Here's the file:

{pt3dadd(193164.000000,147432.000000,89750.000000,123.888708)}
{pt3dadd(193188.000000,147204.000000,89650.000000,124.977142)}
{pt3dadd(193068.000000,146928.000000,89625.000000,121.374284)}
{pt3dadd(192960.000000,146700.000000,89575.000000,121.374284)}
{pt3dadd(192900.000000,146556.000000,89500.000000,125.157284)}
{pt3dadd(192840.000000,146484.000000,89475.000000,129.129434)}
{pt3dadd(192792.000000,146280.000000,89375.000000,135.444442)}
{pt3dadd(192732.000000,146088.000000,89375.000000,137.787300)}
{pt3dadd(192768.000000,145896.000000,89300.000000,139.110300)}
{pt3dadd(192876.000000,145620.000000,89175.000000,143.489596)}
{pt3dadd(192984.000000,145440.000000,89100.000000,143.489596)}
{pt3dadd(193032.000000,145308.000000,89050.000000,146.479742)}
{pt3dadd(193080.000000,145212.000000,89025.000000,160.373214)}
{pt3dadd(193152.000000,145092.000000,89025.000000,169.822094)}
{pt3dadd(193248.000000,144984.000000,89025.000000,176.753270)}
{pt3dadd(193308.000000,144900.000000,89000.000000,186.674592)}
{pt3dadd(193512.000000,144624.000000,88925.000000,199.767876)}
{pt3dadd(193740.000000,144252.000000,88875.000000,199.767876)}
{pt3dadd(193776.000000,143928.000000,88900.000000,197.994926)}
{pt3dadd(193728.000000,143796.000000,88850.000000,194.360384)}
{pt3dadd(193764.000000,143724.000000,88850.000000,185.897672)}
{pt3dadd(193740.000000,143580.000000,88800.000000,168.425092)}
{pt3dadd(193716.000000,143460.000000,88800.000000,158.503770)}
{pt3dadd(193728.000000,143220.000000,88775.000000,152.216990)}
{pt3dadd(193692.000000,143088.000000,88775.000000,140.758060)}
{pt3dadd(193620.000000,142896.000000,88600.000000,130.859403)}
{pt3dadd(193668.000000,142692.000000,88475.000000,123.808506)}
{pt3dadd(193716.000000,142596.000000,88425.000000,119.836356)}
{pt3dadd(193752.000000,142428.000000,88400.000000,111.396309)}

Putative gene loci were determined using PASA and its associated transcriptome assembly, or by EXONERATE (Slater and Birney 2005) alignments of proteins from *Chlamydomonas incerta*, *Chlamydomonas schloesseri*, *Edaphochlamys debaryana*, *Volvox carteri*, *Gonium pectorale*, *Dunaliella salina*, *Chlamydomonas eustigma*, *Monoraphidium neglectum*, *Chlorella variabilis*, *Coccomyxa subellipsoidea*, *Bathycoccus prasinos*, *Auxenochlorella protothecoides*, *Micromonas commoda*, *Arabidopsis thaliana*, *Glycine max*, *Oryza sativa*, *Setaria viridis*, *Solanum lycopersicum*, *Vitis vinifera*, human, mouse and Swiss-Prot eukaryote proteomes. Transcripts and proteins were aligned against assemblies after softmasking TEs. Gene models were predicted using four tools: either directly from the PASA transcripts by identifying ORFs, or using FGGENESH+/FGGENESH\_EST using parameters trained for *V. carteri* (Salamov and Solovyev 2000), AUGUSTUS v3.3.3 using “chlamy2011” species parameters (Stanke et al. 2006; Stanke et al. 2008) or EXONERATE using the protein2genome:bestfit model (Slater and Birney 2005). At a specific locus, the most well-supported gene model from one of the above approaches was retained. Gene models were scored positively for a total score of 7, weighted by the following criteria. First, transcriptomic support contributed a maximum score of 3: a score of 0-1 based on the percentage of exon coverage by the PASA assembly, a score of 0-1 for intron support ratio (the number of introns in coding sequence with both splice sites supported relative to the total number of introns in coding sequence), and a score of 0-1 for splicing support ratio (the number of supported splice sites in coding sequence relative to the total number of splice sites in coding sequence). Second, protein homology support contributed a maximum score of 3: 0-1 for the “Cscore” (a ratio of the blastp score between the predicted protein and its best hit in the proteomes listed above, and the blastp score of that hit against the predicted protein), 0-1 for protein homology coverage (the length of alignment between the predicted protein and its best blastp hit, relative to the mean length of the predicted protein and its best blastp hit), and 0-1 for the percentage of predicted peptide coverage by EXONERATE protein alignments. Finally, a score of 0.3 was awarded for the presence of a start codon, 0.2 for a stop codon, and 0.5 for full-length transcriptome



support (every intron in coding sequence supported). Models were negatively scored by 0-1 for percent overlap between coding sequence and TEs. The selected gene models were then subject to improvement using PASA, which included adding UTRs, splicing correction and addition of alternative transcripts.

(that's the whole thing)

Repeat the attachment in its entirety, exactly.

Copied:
{pt3dadd(193164.000000,147432.000000,89750.000000,123.888708)}
{pt3dadd(193188.000000,147204.000000,89650.000000,124.977142)}
{pt3dadd(193068.000000,146928.000000,89625.000000,121.374284)}
{pt3dadd(192960.000000,146700.000000,89575.000000,121.374284)}
{pt3dadd(192900.000000,146556.000000,89500.000000,125.157284)}
{pt3dadd(192840.000000,146484.000000,89475.000000,129.129434)}
{pt3dadd(192792.000000,146280.000000,89375.000000,135.444442)}
{pt3dadd(192732.000000,146088.000000,89375.000000,137.787300)}
{pt3dadd(192768.000000,145896.000000,89300.000000,139.110300)}
{pt3dadd(192876.000000,145620.000000,89175.000000,143.489596)}
{pt3dadd(192984.000000,145440.000000,89100.000000,143.489596)}
{pt3dadd(193032.000000,145308.000000,89050.000000,146.479742)}
{pt3dadd(193080.000000,145212.000000,89025.000000,160.373214)}
{pt3dadd(193152.000000,145092.000000,89025.000000,169.822094)}
{pt3dadd(193248.000000,144984.000000,89025.000000,176.753270)}
{pt3dadd(193308.000000,144900.000000,89000.000000,186.674592)}
{pt3dadd(193512.000000,144624.000000,88925.000000,199.767876)}
{pt3dadd(193740.000000,144252.000000,88875.000000,199.767876)}
{pt3dadd(193776.000000,143928.000000,88900.000000,197.994926)}
{pt3dadd(193728.000000,143796.000000,88850.000000,194.360384)}
{pt3dadd(193764.000000,143724.000000,88850.000000,185.897672)}
{pt3dadd(193740.000000,143580.000000,88800.000000,168.425092)}
{pt3dadd(193716.000000,143460.000000,88800.000000,158.503770)}
{pt3dadd(193728.000000,143220.000000,88775.000000,152.216990)}
{pt3dadd(193692.000000,143088.000000,88775.000000,140.758060)}
{pt3dadd(193620.000000,142896.000000,88600.000000,130.859403)}
{pt3dadd(193668.000000,142692.000000,88475.000000,123.808506)}
{pt3dadd(193716.000000,142596.000000,88425.000000,119.836356)}
{pt3dadd(193752.000000,142428.000000,88400.000000,111.396309)}

Putative gene loci were determined using PASA and its associated transcriptome assembly, or by EXONERATE (Slater and Birney 2005) alignments of proteins from *Chlamydomonas incerta*, *Chlamydomonas schloesseri*, *Edaphochlamys debaryana*, *Volvox carteri*, *Gonium pectorale*, *Dunaliella salina*, *Chlamydomonas eustigma*, *Monoraphidium neglectum*, *Chlorella variabilis*, *Coccomyxa subellipsoidea*, *Bathycoccus prasinos*, *Auxenochlorella protothecoides*, *Micromonas commoda*, *Arabidopsis thaliana*, *Glycine max*, *Oryza sativa*, *Setaria viridis*, *Solanum lycopersicum*, *Vitis vinifera*, human, mouse and Swiss-Prot eukaryote proteomes. Transcripts and proteins were aligned against assemblies after softmasking TEs. Gene models were predicted using four tools: either directly from the PASA transcripts by identifying ORFs, or using FGGENESH+/FGGENESH\_EST using parameters trained for *V. carteri* (Salamov and Solovyev 2000), AUGUSTUS v3.3.3 using “chlamy2011” species parameters (Stanke et al. 2006; Stanke et al. 2008) or EXONERATE using the protein2genome:bestfit model (Slater and Birney 2005). At a specific locus, the most well-supported gene model from one of the above approaches was retained. Gene models were scored positively for a total score of 7, weighted by the following criteria. First, transcriptomic support contributed a maximum score of 3: a score of 0-1 based on the percentage of exon coverage by the PASA assembly, a score of 0-1 for intron support ratio (the number of introns in coding sequence with both splice sites supported relative to the total number of introns in coding sequence), and a score of 0-1 for splicing support ratio (the number of supported splice sites in coding sequence relative to the total number of splice sites in coding sequence). Second, protein homology support contributed a maximum score of 3: 0-1 for the “Cscore” (a ratio of the blastp score between the predicted protein and its best hit in the proteomes listed above, and the blastp score of that hit against the predicted protein), 0-1 for protein homology coverage (the length of alignment between the predicted protein and its best blastp hit, relative to the mean length of the predicted protein and its best blastp hit), and 0-1 for the percentage of predicted peptide coverage by EXONERATE protein alignments. Finally, a score of 0.3 was awarded for the presence of a start codon, 0.2 for a stop codon, and 0.5 for full-length transcriptome



support (every intron in coding sequence supported). Models were negatively scored by 0-1 for percent overlap between coding sequence and TEs. The selected gene models were then subject to improvement using PASA, which included adding UTRs, splicing correction and addition of alternative transcripts.